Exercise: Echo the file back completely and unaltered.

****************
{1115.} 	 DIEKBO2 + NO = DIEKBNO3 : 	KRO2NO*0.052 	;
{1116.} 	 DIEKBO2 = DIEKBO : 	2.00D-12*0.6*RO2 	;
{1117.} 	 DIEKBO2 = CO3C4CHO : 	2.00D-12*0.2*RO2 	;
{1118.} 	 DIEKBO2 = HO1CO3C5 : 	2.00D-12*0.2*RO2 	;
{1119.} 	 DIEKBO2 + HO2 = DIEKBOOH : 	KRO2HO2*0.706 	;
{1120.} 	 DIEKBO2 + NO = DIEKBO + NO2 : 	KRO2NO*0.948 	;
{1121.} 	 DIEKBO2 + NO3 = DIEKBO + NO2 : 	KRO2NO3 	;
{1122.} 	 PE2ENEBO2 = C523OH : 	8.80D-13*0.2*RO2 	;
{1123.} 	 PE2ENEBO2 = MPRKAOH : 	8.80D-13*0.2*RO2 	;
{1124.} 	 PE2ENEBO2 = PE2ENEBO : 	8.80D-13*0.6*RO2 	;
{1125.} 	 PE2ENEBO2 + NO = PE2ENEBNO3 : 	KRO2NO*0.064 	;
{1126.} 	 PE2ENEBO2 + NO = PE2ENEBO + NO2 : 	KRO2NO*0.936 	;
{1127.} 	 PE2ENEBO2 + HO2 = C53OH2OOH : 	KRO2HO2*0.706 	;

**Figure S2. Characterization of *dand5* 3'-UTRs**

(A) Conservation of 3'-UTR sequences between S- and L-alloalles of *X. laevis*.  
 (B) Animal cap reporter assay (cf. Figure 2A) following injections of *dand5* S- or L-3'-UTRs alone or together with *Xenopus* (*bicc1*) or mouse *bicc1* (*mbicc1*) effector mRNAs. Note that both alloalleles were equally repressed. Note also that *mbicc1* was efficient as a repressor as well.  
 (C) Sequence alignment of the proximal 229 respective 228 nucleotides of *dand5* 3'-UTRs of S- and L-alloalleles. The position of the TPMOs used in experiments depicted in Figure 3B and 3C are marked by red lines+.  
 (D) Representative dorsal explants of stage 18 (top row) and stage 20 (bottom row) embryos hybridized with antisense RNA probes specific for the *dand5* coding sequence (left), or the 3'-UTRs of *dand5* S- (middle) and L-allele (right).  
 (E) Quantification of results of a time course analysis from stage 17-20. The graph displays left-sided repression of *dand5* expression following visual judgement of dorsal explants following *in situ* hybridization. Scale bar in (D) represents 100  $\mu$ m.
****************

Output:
{1115.} 	 DIEKBO2 + NO = DIEKBNO3 : 	KRO2NO*0.052 	;
{1116.} 	 DIEKBO2 = DIEKBO : 	2.00D-12*0.6*RO2 	;
{1117.} 	 DIEKBO2 = CO3C4CHO : 	2.00D-12*0.2*RO2 	;
{1118.} 	 DIEKBO2 = HO1CO3C5 : 	2.00D-12*0.2*RO2 	;
{1119.} 	 DIEKBO2 + HO2 = DIEKBOOH : 	KRO2HO2*0.706 	;
{1120.} 	 DIEKBO2 + NO = DIEKBO + NO2 : 	KRO2NO*0.948 	;
{1121.} 	 DIEKBO2 + NO3 = DIEKBO + NO2 : 	KRO2NO3 	;
{1122.} 	 PE2ENEBO2 = C523OH : 	8.80D-13*0.2*RO2 	;
{1123.} 	 PE2ENEBO2 = MPRKAOH : 	8.80D-13*0.2*RO2 	;
{1124.} 	 PE2ENEBO2 = PE2ENEBO : 	8.80D-13*0.6*RO2 	;
{1125.} 	 PE2ENEBO2 + NO = PE2ENEBNO3 : 	KRO2NO*0.064 	;
{1126.} 	 PE2ENEBO2 + NO = PE2ENEBO + NO2 : 	KRO2NO*0.936 	;
{1127.} 	 PE2ENEBO2 + HO2 = C53OH2OOH : 	KRO2HO2*0.706 	;

**Figure S2. Characterization of *dand5* 3'-UTRs**

(A) Conservation of 3'-UTR sequences between S- and L-alloalles of *X. laevis*.  
 (B) Animal cap reporter assay (cf. Figure 2A) following injections of *dand5* S- or L-3'-UTRs alone or together with *Xenopus* (*bicc1*) or mouse *bicc1* (*mbicc1*) effector mRNAs. Note that both alloalleles were equally repressed. Note also that *mbicc1* was efficient as a repressor as well.  
 (C) Sequence alignment of the proximal 229 respective 228 nucleotides of *dand5* 3'-UTRs of S- and L-alloalleles. The position of the TPMOs used in experiments depicted in Figure 3B and 3C are marked by red lines+.  
 (D) Representative dorsal explants of stage 18 (top row) and stage 20 (bottom row) embryos hybridized with antisense RNA probes specific for the *dand5* coding sequence (left), or the 3'-UTRs of *dand5* S- (middle) and L-allele (right).  
 (E) Quantification of results of a time course analysis from stage 17-20. The graph displays left-sided repression of *dand5* expression following visual judgement of dorsal explants following *in situ* hybridization. Scale bar in (D) represents 100  $\mu$ m.